As the Rosetta spacecraft approaches its objective, Comet 67P/Churyumov-Gerasimenko, astronomers are getting a better view of the nucleus — and it's stranger than anyone suspected.
The Rosetta spacecraft is closing in on Comet 67P/Churyumov-Gerasimenko, providing astronomers with an ever more detailed view of its structure. Judging by the latest photos, Comet C-G actually has two components in the shape of a rubber ducky.
After traveling 10 years and 6 billion kilometers to reach the comet, Rosetta is set to meet up with its target this August. Over the next two years, the spacecraft will conduct the most in-depth study of a comet ever attempted, using both a close-orbiting spacecraft and the hitchhiking Philae lander, which is to touch down on the comet’s surface in November.
But as Rosetta approaches Comet C-G, photos taken with its OSIRIS imaging system are revealing that the comet’s shape is stranger than anyone anticipated. In a press release earlier this month, OSIRIS Principle Investigator Holger Sierks (Max Planck Institute for Solar System Research) stated that the comet’s nucleus is an “irregularly looking body.” Images of the comet taken on July 4th from a distance of 37,000 km show three distinct structures on the nucleus, though this is not unexpected. Images taken in 2003 by the Hubble Space Telescope show many irregularities, and the five comets previously visited by spacecraft are hardly spherical.
Images taken July 14th indicate that the nucleus of Comet Churyumov-Gerasimenko is a contact binary, made up of two smaller components. Taken a mere 12,000 km from the comet (about the distance from Germany to Hawaii, Sierks notes), the views clearly show two distinct pieces: one fairly round, the other elongated. The whole nucleus appears to span 3½ by 4 km (about 2 by 2½ miles), which matches up with prior observations by the Hubble and Spitzer space telescopes.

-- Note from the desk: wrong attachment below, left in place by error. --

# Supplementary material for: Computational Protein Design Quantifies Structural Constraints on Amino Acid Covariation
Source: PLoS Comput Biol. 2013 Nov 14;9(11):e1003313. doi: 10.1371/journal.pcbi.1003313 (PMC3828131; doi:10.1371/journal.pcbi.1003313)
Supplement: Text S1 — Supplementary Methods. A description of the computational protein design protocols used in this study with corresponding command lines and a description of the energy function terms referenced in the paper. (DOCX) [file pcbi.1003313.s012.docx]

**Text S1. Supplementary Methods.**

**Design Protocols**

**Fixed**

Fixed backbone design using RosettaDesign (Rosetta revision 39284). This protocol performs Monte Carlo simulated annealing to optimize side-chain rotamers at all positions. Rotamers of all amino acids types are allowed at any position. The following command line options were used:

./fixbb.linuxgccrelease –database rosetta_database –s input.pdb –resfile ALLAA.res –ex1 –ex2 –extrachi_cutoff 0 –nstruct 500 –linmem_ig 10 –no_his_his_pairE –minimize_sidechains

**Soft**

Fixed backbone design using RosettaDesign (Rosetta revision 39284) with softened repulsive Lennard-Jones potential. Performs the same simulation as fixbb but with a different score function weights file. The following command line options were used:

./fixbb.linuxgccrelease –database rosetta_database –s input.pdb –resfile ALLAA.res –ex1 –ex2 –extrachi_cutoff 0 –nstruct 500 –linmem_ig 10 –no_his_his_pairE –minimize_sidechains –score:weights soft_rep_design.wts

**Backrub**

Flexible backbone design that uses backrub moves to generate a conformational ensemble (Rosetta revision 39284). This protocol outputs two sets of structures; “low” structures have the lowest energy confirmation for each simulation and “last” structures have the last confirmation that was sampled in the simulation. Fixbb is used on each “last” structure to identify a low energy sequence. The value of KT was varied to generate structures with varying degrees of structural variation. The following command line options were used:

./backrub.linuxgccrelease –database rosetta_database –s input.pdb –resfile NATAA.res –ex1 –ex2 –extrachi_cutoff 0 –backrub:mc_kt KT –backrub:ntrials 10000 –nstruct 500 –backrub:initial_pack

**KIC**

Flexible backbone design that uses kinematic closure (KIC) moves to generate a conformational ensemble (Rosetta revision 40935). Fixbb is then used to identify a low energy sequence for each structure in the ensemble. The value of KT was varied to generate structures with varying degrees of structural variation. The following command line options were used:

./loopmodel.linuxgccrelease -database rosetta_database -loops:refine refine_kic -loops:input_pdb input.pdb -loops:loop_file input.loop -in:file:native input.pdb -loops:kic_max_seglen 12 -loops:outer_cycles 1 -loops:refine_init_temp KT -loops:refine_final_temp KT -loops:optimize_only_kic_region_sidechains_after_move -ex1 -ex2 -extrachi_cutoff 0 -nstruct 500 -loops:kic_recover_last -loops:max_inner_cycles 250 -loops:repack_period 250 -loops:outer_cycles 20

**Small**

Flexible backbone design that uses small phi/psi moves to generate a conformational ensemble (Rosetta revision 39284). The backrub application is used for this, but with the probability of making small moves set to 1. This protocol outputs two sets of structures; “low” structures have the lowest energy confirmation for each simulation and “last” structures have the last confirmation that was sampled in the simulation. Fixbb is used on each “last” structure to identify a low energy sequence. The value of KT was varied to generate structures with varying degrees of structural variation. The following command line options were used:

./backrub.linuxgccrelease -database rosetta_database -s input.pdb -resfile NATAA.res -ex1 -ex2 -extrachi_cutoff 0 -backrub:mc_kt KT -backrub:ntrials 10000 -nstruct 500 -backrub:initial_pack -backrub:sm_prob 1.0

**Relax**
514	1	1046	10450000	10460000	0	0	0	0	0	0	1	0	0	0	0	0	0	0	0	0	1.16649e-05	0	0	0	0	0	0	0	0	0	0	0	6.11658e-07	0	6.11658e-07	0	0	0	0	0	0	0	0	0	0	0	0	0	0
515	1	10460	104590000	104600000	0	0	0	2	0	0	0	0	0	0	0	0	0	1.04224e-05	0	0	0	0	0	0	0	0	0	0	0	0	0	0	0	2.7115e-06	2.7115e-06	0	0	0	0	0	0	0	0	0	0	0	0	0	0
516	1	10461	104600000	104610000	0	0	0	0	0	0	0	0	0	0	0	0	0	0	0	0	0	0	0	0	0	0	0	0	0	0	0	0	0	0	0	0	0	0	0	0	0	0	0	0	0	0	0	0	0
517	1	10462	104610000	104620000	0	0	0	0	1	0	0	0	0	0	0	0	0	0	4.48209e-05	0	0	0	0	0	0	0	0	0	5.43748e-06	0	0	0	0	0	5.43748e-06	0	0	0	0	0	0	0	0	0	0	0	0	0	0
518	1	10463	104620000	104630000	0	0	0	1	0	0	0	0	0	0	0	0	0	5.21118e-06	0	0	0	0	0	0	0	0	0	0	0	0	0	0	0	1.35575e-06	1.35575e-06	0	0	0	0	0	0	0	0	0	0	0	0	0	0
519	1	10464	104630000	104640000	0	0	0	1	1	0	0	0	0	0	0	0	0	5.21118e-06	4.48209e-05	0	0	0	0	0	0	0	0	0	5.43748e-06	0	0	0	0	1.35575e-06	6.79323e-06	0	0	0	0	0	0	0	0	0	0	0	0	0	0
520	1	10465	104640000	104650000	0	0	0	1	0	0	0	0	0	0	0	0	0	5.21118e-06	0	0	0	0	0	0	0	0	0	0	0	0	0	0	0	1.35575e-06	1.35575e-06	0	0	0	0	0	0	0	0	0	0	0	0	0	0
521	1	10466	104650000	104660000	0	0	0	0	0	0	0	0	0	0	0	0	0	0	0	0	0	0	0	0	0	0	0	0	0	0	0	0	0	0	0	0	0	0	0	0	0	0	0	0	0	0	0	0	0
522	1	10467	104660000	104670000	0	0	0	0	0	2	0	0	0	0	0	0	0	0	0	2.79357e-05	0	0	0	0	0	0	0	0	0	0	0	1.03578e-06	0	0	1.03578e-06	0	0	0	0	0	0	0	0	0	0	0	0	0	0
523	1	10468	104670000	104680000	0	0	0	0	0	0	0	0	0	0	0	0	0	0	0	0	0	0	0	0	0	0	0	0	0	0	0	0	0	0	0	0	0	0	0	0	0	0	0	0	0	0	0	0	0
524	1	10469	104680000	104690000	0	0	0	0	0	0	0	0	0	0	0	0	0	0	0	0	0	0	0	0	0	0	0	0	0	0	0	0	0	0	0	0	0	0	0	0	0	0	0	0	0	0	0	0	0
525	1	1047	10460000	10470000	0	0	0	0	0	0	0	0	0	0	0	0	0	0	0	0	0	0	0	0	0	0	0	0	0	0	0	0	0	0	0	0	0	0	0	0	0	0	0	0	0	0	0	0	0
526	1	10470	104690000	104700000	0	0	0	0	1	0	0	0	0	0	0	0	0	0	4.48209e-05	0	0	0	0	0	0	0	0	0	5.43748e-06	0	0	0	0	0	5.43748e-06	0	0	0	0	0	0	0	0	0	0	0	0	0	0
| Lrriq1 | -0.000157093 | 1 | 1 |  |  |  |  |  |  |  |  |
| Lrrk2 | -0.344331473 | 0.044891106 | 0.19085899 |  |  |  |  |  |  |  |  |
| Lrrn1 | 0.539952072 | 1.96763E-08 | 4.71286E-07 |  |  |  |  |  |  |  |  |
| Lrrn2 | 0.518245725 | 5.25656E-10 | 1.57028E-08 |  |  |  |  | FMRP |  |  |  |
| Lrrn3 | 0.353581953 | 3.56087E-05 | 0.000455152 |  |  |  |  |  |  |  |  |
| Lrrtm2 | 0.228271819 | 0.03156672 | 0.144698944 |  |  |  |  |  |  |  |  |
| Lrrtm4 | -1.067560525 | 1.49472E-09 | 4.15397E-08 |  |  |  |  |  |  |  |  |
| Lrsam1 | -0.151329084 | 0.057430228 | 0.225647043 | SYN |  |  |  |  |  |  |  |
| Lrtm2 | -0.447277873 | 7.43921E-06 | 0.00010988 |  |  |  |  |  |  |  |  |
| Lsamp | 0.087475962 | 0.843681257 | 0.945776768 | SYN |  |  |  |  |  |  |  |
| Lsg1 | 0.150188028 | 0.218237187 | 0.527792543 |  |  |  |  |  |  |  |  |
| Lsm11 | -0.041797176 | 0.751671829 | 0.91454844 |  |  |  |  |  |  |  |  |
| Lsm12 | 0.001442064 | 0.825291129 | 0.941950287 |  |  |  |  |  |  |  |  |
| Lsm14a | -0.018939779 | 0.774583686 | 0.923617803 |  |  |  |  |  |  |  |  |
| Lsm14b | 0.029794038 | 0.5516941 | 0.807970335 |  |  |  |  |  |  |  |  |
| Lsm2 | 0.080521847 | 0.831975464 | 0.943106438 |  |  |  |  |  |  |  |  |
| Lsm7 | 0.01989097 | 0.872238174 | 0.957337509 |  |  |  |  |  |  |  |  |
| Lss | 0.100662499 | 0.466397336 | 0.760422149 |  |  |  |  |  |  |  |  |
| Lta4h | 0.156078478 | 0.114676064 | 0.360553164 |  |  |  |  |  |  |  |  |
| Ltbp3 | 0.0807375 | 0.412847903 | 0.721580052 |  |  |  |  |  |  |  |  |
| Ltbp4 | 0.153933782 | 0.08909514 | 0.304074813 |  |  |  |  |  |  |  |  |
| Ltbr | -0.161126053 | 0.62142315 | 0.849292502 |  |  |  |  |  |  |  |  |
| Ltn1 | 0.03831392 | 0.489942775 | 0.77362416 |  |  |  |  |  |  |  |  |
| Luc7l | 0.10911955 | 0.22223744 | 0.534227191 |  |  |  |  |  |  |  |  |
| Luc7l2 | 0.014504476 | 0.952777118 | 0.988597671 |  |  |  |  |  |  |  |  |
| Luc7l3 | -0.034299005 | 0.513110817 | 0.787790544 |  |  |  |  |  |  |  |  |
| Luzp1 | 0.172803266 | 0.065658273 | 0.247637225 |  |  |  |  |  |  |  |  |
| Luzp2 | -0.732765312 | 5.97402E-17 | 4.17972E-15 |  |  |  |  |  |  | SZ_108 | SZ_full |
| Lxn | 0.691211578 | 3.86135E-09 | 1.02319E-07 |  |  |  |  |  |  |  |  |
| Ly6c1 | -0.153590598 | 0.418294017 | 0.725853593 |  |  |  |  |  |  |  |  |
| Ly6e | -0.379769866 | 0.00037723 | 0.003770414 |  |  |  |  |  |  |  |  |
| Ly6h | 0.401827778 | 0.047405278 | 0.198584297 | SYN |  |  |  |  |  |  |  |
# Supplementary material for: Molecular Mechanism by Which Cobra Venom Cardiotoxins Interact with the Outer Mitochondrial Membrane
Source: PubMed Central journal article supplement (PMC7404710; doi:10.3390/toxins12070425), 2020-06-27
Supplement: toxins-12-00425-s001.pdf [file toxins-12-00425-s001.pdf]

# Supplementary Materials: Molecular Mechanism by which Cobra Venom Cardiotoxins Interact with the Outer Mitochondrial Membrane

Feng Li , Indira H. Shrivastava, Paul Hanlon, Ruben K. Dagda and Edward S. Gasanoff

While Comet C-G’s binary structure is not uncommon, it is more extreme than astronomers expected, says Joel Parker (Southwest Research Institute). The scientific community is bubbling with interest about the comet’s weird morphology, and some have already dubbed the nucleus a “rubber ducky.”
The formation mechanism of contact binaries is still a topic of debate. One theory is that two comets melded together in a low-velocity collision during the solar system’s formation. If Comet C-G came together this way, its pieces would have only made contact at about 3 meters per second. Another possibility is that a single comet was sculpted into a peculiar shape by the gravitational tug of a massive object, like the Sun or Jupiter. Or perhaps the nucleus was once a much rounder object that only became asymmetric once a substantial amount of its ice evaporated. Astronomers hope that Rosetta’s detailed study might finally shed some light on the origin of these strangely shaped bodies.
Amid all this speculation, mission manager Fred Jansen (European Space Agency), urges caution. “We currently see images that suggest a rather complex cometary shape, but there is still a lot that we need to learn before jumping to conclusions,” he stated in the Rosetta blog. The team is looking forward to obtaining better three-dimensional views of the nucleus as the spacecraft approaches.
Scientific speculation aside, the comet’s unexpected shape might require Rosetta scientists and engineers to tweak their plans for the rendezvous in August. “We will need to perform detailed analyses and modeling of the shape of the comet to determine how best we can fly around such a uniquely shaped body,” Jansen said. Moreover, maneuvering the Philae probe in such an unusual gravitational field and selecting a landing site will prove trickier than anticipated, explains Parker.